Beth (Molly Parker)
Adam’s mother, who we’re never told what she does for a living, but does spend all her spare time trying to find a cure or some means for her son to live the life she hopes for him.
Paul (Walton Goggins)
Beth’s new boyfriend, and one of the first she has really been with for a long term relationship. Adam doesn’t like him, since he still is dealing with the abandonment of his father, and considering Paul comes at one of the worst times for Adam mentally, it leads to Adam assuming Paul is pitting his mom against him and trying to get him committed.
Maya (Taylor Russell)
The likely valedictorian of St. Agatha’s Catholic School who isn’t trying to, or able to, just rest on her various awards or the various clubs she heads. Alongside this, Maya works, mainly because she has to, and this is primarily due to the situation she has at home, which she is slightly embarrassed of.
Father Patrick (Andy Garcia)
Despite not being religious, Father Patrick, and confession in extension, becomes an outlet for Adam after learning his therapist and mom speak. However, as time goes on, Father Patrick grows to be far more than a soundboard for Adam and evolves into something more.
It Seems Sensitive To Those With Schizophrenia
When it comes to chemical imbalances and disorders, too often the focus is on the fear others will have and the instability of the person. All the while, it seems like the writer ignores that they are portraying what actual people go through and not a fictional character like Freddy Kreuger or Chucky. With Words on Bathroom Walls, things are different.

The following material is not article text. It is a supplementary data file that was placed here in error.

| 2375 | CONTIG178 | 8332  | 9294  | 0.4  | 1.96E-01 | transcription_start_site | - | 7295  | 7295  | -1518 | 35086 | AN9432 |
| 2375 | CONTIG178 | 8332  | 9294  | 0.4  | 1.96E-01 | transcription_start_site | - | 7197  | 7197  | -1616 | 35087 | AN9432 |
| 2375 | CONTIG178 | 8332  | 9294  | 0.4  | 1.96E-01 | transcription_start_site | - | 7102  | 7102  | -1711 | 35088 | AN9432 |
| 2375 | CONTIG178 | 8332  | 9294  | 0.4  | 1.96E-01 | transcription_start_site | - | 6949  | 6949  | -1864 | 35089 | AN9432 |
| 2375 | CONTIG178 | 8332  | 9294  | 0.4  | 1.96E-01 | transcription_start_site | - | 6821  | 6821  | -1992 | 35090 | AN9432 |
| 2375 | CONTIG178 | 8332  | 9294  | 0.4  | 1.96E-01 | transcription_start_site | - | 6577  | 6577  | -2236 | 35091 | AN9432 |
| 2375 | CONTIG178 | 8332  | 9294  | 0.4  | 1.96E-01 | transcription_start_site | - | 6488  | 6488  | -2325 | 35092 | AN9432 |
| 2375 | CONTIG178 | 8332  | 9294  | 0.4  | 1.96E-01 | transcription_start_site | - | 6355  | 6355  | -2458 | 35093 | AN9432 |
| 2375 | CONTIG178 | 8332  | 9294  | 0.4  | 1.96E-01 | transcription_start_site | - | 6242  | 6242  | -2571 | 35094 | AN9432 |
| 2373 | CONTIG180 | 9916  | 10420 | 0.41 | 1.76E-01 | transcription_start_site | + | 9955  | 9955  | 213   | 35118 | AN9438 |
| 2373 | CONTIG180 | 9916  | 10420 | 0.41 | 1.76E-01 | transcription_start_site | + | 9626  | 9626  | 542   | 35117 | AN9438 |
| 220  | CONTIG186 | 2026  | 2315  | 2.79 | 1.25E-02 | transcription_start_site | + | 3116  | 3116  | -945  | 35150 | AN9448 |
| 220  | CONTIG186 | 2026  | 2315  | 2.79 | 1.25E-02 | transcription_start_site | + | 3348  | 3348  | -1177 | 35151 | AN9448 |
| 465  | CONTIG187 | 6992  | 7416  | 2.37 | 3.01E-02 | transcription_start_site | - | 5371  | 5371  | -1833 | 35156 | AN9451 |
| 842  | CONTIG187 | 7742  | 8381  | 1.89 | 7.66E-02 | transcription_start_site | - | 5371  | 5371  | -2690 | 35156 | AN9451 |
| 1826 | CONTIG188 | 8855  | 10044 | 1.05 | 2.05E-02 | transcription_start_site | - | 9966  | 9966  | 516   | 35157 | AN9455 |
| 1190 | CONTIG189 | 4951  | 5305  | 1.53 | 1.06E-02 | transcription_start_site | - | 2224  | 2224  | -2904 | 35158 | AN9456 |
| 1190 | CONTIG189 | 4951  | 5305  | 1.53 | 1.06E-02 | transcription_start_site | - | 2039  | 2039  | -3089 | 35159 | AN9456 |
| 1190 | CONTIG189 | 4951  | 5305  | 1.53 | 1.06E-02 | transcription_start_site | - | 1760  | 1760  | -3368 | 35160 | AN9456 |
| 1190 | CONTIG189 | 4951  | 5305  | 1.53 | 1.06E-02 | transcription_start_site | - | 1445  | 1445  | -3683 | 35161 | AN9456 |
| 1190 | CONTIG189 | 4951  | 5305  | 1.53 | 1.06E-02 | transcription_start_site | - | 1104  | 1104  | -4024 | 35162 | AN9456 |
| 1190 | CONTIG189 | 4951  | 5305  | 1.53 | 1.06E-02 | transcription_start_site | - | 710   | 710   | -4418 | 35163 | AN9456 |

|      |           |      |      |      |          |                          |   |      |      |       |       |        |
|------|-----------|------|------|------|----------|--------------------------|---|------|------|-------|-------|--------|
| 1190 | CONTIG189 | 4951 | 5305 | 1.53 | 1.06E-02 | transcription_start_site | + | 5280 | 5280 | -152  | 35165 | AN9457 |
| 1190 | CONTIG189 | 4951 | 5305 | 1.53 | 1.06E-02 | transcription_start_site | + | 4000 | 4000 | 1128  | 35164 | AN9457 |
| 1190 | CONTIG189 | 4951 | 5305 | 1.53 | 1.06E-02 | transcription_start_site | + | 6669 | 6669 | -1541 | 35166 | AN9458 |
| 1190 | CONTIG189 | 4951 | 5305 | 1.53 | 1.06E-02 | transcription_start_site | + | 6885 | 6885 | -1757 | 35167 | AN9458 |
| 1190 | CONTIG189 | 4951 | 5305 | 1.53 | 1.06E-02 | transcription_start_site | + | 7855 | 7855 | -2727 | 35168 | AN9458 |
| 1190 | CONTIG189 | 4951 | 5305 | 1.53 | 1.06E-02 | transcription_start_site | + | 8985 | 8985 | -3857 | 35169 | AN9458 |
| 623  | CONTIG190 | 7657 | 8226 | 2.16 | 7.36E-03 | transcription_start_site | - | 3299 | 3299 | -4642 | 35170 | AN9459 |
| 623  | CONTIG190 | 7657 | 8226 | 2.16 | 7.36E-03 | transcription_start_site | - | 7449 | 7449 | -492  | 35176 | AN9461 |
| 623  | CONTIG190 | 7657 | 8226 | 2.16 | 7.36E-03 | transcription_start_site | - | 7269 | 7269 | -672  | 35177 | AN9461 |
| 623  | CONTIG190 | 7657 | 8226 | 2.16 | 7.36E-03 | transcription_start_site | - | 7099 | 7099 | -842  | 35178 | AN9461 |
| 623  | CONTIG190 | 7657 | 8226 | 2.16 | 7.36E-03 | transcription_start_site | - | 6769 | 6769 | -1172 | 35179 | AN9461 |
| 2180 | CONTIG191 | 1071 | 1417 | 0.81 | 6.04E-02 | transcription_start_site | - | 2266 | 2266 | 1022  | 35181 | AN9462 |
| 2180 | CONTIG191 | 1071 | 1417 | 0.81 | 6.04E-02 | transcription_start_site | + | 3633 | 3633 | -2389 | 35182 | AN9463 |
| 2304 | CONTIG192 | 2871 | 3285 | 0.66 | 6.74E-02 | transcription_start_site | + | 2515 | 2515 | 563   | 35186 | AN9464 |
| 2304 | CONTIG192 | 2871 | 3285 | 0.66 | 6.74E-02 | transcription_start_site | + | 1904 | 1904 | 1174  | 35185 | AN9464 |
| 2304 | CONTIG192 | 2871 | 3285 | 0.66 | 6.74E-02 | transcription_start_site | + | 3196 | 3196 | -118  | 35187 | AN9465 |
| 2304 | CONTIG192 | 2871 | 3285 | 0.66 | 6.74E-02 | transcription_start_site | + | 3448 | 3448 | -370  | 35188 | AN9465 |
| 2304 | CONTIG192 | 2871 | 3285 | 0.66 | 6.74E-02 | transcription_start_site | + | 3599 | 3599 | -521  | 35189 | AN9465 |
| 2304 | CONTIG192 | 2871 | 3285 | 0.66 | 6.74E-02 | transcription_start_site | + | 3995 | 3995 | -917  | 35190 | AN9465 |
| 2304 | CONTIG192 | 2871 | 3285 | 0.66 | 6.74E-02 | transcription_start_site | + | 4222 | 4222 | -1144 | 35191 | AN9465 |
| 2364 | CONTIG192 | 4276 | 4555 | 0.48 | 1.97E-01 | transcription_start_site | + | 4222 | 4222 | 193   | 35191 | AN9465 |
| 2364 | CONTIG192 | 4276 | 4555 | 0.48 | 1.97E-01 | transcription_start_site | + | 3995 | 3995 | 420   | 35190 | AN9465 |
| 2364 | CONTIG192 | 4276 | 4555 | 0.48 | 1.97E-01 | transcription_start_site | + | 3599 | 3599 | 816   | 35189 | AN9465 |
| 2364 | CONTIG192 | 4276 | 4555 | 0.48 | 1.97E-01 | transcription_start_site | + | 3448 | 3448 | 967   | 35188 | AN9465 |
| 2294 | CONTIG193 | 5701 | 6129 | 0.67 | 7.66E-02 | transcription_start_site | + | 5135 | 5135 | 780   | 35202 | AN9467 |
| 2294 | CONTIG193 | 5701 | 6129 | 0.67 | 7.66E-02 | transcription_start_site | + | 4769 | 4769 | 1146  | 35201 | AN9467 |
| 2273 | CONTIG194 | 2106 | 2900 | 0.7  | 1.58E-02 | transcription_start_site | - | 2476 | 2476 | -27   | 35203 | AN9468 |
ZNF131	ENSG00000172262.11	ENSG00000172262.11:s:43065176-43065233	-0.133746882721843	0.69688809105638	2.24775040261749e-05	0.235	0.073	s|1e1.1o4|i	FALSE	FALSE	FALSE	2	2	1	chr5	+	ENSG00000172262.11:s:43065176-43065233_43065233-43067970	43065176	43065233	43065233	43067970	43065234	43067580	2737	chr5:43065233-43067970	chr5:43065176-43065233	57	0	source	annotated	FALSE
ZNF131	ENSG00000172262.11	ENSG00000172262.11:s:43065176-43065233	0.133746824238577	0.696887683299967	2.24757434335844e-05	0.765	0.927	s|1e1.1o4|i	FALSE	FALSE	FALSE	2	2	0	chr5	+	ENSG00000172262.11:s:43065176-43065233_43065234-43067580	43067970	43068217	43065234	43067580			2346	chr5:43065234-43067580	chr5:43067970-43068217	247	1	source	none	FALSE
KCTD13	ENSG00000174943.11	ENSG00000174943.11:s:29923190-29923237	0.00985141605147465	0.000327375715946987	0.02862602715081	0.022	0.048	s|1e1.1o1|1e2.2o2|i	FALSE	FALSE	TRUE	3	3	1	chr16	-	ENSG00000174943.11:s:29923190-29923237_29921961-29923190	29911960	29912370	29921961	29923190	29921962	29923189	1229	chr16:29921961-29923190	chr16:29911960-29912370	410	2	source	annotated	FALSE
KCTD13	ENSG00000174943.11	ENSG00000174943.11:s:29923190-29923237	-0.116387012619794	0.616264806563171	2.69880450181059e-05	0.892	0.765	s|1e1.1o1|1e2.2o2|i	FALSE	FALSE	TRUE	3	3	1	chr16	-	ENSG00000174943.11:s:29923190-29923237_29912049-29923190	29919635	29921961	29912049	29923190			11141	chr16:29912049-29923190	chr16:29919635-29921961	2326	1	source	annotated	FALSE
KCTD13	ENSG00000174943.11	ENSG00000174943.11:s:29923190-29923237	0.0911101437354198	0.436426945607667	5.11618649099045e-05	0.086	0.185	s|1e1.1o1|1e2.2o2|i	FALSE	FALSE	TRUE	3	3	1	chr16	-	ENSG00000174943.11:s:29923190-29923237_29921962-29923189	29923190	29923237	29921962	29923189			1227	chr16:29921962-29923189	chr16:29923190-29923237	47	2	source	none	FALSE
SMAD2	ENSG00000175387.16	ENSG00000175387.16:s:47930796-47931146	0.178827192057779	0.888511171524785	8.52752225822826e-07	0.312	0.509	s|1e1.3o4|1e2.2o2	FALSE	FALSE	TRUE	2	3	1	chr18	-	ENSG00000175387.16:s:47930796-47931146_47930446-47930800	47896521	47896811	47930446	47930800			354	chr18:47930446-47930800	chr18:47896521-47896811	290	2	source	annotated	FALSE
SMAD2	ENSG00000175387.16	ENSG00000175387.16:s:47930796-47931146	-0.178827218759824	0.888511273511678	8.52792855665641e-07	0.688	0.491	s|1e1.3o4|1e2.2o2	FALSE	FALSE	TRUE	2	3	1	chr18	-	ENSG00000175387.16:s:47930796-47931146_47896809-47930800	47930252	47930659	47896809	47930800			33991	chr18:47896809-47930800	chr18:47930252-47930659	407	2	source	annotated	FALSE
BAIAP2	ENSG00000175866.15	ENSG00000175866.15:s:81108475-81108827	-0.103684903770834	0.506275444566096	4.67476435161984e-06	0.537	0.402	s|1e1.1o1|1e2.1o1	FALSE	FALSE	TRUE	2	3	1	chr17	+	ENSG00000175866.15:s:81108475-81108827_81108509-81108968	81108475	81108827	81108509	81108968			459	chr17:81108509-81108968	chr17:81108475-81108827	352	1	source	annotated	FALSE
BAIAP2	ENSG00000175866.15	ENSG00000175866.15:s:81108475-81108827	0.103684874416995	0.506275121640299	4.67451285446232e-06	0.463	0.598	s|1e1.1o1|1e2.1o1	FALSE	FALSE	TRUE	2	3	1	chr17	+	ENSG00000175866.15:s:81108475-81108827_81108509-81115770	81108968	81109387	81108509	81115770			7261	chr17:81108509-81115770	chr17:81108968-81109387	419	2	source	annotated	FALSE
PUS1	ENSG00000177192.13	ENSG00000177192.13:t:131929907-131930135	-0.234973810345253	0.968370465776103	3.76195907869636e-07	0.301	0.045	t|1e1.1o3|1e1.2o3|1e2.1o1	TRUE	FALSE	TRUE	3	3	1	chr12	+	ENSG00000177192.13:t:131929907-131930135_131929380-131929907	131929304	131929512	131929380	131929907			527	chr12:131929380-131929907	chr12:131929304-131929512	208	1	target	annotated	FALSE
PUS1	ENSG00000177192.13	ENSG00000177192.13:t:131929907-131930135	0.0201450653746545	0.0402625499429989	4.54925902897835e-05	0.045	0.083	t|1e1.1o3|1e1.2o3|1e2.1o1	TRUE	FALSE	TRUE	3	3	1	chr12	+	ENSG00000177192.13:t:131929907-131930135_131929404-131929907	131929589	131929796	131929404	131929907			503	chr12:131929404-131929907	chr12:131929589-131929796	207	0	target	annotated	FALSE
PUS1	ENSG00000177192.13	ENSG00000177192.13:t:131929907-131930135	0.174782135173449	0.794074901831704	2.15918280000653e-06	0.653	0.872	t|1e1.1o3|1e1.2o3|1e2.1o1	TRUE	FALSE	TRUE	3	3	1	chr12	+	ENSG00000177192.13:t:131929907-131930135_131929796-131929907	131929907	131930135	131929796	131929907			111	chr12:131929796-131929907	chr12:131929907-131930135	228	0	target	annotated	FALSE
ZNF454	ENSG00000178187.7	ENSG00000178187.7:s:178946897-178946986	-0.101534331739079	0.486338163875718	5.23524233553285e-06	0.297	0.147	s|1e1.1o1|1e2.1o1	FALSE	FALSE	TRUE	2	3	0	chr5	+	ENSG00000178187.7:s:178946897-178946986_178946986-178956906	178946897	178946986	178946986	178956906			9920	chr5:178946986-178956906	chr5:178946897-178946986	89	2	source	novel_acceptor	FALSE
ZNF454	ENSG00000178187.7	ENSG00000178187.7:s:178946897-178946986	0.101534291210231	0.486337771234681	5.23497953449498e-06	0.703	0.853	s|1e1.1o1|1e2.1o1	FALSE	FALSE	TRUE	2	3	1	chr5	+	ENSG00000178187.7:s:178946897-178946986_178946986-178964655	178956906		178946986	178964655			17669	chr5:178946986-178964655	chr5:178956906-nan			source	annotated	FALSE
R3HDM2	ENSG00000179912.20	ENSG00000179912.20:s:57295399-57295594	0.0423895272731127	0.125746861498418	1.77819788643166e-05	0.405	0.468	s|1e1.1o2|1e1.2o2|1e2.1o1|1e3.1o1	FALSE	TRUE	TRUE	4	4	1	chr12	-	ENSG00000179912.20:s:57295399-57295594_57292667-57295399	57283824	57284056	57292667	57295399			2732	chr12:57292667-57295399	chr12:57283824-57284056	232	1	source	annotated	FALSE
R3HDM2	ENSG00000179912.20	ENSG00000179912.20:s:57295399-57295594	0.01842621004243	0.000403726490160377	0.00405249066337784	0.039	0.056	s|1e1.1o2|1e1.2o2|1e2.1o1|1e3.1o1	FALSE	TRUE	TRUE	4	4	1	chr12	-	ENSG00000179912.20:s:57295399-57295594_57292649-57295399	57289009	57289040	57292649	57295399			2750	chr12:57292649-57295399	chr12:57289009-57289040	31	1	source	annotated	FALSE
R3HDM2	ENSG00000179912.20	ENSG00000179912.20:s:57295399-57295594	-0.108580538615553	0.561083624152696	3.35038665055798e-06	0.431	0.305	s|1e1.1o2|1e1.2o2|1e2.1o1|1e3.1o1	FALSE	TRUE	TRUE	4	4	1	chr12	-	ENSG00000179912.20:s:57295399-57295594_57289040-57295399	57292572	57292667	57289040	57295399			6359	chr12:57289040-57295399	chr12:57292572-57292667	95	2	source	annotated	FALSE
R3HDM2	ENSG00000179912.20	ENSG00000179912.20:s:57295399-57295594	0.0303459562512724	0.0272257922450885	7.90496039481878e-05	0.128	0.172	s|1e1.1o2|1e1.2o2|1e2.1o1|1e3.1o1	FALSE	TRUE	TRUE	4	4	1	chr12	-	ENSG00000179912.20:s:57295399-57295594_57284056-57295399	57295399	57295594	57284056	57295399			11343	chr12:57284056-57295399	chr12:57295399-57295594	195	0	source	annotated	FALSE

Perhaps the most important way is that, while it is acknowledged how people can be afraid of Adam, he never loses his humanity. He is still this boy in his late teens with a strong interest in culinary, who is clearly reeling over the loss of his father, and heavily relies on his mother for a sense of normalcy.
Also, the film doesn’t glaze over or romanticize anything. As noted below, Maya isn’t made to be someone who is there to make it seem it doesn’t require work and a bountiful of love to be with someone who sometimes will struggle. Not to forget, as Adam’s quotes above hint to, the movie doesn’t avoid the personal horrors someone with schizophrenia may go through. Be it questioning the intentions of everyone, especially when they mean limiting the person diagnosed, or how the lack of help leads to not being able to get a diploma, a job, and have independence.
All of this together allows you both the ability to understand what someone may go through, without you feeling like, as you would with many of the young adult movies like this, that the end result is supposed to be some form of overwhelming sympathy.
The Comic Relief In The Majority of Adam’s Voices
Okay, maybe comic relief isn’t the best way to put it, but you can see that Rebecca, Joaquin, and the Bodyguard are clearly there to lighten the mood. Rebecca, as she guides Adam, advocates for honesty, and tries to help him with Maya, basically is Adam’s best friend. Then with Joaquin, for those who like Robert Sheehan, of Misfits and Umbrella Academy fame, he is a less over the top and far less jaded version of him.
Though it might be the Bodyguard who causes the most laughs. Primarily since, anytime Adam is prepping to hear something he may not like, the Bodyguard is always ready to hit someone with a bat. Making it a bit of a running gag as the film goes on.